Painting instructor learned by teaching: Joe Bolger paintings on exhibit at the Edgewater Gallery

A casual afternoon conversation about painting with artist Joe Bolger can leave you with the knowledge most cannot gain in a semester enrolled in a traditional painting course. His constant desire to learn from inspiring artists drove him to read, reread, dog-ear, and underline all of their writings. He immersed himself in these books until the concepts were part of his own process and understanding. His passion for creating these visions from figures and portraits, to landscapes is the true force behind his genius.
Bolger was born in New Jersey where he spent most time by the shore of Sandy Hook. He attended Catholic school where there were no art programs offered. Even so, Joe explains that he was still recognized as a strong drawer, but never thought it would become a career. He attended college in Kentucky with a major in history and began a minor in art. When Joe left college is when he truly began his journey as an artist, taking an art teacher position first in Montana and then at Middlebury Union High School for about 30 years.
Bolger explains that teaching the fundamentals has really ingrained them in his own practice. Being able to teach color theory, value scales, and proper edging are the techniques that are crucial to these burgeoning artists, and to his own artistic development. Each day in the classroom Joe would also focus on a particular artist in history where he almost always proclaimed, “Now this artist is one of my favorites.” These icons are the very people who inspired his own work, sharing them with his students he hopes will do the same for them. He does not recall any difficult students in his many years of teaching and feels truly blessed to have had the opportunity. Every project was a problem for his students to solve using these fundamental skills.
Art was not just a job or a hobby, but a constant adventure of discovery and uncovering the mysteries of the great impressionists. That adventure began with a book written by John Carlson — “Carlson’s Guide to Landscape Painting” — which was one that was most influential on Bolger’s development as an artist. It explained a theory called “angles and consequent values,” which explains how the value scale flows in relation to landscape painting and how the artist can use the sky as a light source and lightest value.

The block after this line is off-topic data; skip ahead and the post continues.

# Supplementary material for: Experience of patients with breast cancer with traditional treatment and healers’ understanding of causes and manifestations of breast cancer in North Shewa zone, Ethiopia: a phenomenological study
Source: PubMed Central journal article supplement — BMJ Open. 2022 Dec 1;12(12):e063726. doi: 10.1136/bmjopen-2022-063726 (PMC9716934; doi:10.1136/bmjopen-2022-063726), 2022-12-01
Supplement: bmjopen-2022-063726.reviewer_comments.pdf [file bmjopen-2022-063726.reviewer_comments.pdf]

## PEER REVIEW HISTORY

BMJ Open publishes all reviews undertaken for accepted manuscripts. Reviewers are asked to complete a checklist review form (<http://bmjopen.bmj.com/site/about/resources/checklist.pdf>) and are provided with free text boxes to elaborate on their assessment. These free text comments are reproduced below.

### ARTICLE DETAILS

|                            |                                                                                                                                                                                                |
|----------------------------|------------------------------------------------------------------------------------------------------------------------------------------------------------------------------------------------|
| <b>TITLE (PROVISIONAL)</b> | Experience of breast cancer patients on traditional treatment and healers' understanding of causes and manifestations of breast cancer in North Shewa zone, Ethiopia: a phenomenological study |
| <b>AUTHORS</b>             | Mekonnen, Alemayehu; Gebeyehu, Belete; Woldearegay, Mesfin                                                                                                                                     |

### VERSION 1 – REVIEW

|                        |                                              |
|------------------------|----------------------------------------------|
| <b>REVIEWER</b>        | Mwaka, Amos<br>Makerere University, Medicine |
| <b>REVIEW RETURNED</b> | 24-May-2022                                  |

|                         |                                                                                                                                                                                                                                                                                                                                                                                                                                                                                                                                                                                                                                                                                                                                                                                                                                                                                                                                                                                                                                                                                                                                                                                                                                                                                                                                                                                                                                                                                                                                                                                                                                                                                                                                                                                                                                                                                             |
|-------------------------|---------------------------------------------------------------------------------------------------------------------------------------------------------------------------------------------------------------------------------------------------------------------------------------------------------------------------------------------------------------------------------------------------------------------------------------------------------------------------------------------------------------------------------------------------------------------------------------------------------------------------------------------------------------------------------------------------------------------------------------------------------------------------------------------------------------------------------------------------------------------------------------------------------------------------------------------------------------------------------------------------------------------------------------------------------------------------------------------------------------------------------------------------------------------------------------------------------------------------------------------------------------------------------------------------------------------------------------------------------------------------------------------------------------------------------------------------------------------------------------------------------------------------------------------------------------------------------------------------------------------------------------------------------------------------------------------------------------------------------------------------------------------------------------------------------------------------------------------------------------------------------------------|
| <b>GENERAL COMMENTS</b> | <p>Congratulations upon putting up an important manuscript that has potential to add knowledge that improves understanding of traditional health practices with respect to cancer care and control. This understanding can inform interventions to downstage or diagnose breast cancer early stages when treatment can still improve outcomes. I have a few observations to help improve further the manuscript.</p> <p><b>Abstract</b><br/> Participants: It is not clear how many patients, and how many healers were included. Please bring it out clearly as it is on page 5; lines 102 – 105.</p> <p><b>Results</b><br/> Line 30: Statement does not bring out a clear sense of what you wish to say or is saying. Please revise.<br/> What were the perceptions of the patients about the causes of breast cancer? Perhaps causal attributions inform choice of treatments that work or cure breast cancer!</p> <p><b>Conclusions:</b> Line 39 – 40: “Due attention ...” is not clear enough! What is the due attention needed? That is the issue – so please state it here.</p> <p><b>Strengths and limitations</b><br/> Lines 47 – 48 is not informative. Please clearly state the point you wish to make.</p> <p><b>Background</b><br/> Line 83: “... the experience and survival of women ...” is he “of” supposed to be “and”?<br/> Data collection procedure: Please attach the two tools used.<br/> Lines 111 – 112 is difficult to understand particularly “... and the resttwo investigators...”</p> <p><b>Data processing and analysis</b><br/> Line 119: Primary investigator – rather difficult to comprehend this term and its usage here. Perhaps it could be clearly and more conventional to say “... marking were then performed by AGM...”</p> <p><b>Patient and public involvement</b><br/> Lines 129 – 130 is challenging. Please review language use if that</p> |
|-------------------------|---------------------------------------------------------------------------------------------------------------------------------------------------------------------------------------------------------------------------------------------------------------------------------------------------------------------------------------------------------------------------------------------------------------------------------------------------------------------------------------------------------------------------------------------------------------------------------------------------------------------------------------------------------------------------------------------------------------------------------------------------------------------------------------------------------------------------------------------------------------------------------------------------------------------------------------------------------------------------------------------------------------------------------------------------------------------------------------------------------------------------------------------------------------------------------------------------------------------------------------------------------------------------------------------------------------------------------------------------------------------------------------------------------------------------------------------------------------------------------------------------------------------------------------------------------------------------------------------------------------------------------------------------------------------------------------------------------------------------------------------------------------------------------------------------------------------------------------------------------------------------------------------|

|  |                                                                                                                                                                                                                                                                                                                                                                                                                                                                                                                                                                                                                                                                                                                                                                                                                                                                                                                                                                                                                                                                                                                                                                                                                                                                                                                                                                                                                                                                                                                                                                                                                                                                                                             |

Emile Gruppe is another inspiring artist for Joe. Gruppe studied this “angle and consequent values” theory but wanted to take it a step further and learn more about the color in impressionistic painting. Gruppe studied color at the Cape Cod School of Art, and Joe Bolger decided to attend that same school to gain similar knowledge. One lesson that stands out in Bolger’s mind is one he has repeated with his own students. Each student is given a pallet of paint and they need to apply all the color using only a pallet knife. This, Joe explains, teaches one to locate the abstract shapes within a still life or a landscape and not focus on the object itself.
“Up until an art student is about 11 years old they see the world as symbols that they replicate in their drawings. I try to get them to see their subject as a series of abstract shapes, with colors, values, and edges,” Bolger says.
Joe believes that you can have all of these skills but intellect alone cannot create the painting. A successful painting has a concept and a goal. When there is passion behind this goal, that is the force that brings it all together. Bolger uses his skills to make selections in his pieces, moving particular forms in his painting and changing color intensities are just some of the ways he creates harmony within the landscapes.
Joe Bolger’s landscape paintings are golden and really bring a royalty to his surroundings. The rich glow of the treetops harmonize with the soft blues of the sky. He captures the shadows to contrast his brightly lit surfaces of an old barn at just the right time of day. When discussing his pallet Joe explains that it is hard to limit himself to just primary colors, instead he usually uses both a warm and cool shade of each primary to get the correct mixtures. He explains that he has heard two different theories, one related to a very limited pallet to create a harmony within the piece. The other came from a professor who found himself having up to 20 colors on a pallet at one time. Joe feels that his technique is somewhere in the middle.
“If there is one thing I have learned in my years as an artist it is that there are no rules but many different theories.”
It doesn’t take long to see in a Joe Bolger painting that there is more than just a landscape or a figure. There is an understanding of shapes, light, and color strategically placed to take the viewer on a journey through the artwork.
Today Joe resides in Shoreham, Vt., where her has lived for 40 years. He is constantly inspired by the changing weather and vast lands of the Vermont area.
A beautiful collection of impressionistic landscapes by Joe Bolger are on display at Edgewater Gallery at the Falls in Middlebury through the month of May. 

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